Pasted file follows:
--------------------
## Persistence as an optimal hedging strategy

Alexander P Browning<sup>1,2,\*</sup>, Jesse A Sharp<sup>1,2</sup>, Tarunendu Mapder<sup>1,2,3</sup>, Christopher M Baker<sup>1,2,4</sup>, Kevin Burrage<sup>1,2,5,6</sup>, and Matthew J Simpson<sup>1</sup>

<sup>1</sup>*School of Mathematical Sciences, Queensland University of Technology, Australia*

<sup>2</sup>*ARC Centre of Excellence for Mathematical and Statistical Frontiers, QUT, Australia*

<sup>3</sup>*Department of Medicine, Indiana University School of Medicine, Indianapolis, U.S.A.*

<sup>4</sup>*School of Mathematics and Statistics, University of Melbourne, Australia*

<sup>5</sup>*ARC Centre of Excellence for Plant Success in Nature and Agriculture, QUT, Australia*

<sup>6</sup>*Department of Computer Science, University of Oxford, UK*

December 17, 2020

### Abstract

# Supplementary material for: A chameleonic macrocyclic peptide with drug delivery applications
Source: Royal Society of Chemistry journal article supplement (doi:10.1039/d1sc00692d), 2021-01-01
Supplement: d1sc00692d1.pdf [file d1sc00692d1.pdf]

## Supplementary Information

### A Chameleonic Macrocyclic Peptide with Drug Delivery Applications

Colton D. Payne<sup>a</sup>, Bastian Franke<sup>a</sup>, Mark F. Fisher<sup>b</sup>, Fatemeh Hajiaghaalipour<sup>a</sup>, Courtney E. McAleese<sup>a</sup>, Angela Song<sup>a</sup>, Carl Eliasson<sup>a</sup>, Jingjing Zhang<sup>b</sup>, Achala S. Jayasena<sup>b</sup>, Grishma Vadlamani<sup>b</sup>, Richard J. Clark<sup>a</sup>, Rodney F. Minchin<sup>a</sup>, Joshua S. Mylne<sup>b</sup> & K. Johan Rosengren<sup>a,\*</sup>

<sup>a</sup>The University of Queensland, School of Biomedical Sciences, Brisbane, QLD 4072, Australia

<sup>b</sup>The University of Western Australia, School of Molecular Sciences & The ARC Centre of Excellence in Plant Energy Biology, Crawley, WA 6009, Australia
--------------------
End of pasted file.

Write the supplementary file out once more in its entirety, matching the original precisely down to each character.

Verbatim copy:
## Persistence as an optimal hedging strategy

Alexander P Browning<sup>1,2,\*</sup>, Jesse A Sharp<sup>1,2</sup>, Tarunendu Mapder<sup>1,2,3</sup>, Christopher M Baker<sup>1,2,4</sup>, Kevin Burrage<sup>1,2,5,6</sup>, and Matthew J Simpson<sup>1</sup>

<sup>1</sup>*School of Mathematical Sciences, Queensland University of Technology, Australia*

<sup>2</sup>*ARC Centre of Excellence for Mathematical and Statistical Frontiers, QUT, Australia*

<sup>3</sup>*Department of Medicine, Indiana University School of Medicine, Indianapolis, U.S.A.*

<sup>4</sup>*School of Mathematics and Statistics, University of Melbourne, Australia*

<sup>5</sup>*ARC Centre of Excellence for Plant Success in Nature and Agriculture, QUT, Australia*

<sup>6</sup>*Department of Computer Science, University of Oxford, UK*

December 17, 2020

### Abstract

# Supplementary material for: A chameleonic macrocyclic peptide with drug delivery applications
Source: Royal Society of Chemistry journal article supplement (doi:10.1039/d1sc00692d), 2021-01-01
Supplement: d1sc00692d1.pdf [file d1sc00692d1.pdf]

## Supplementary Information

### A Chameleonic Macrocyclic Peptide with Drug Delivery Applications

Colton D. Payne<sup>a</sup>, Bastian Franke<sup>a</sup>, Mark F. Fisher<sup>b</sup>, Fatemeh Hajiaghaalipour<sup>a</sup>, Courtney E. McAleese<sup>a</sup>, Angela Song<sup>a</sup>, Carl Eliasson<sup>a</sup>, Jingjing Zhang<sup>b</sup>, Achala S. Jayasena<sup>b</sup>, Grishma Vadlamani<sup>b</sup>, Richard J. Clark<sup>a</sup>, Rodney F. Minchin<sup>a</sup>, Joshua S. Mylne<sup>b</sup> & K. Johan Rosengren<sup>a,\*</sup>

<sup>a</sup>The University of Queensland, School of Biomedical Sciences, Brisbane, QLD 4072, Australia

<sup>b</sup>The University of Western Australia, School of Molecular Sciences & The ARC Centre of Excellence in Plant Energy Biology, Crawley, WA 6009, Australia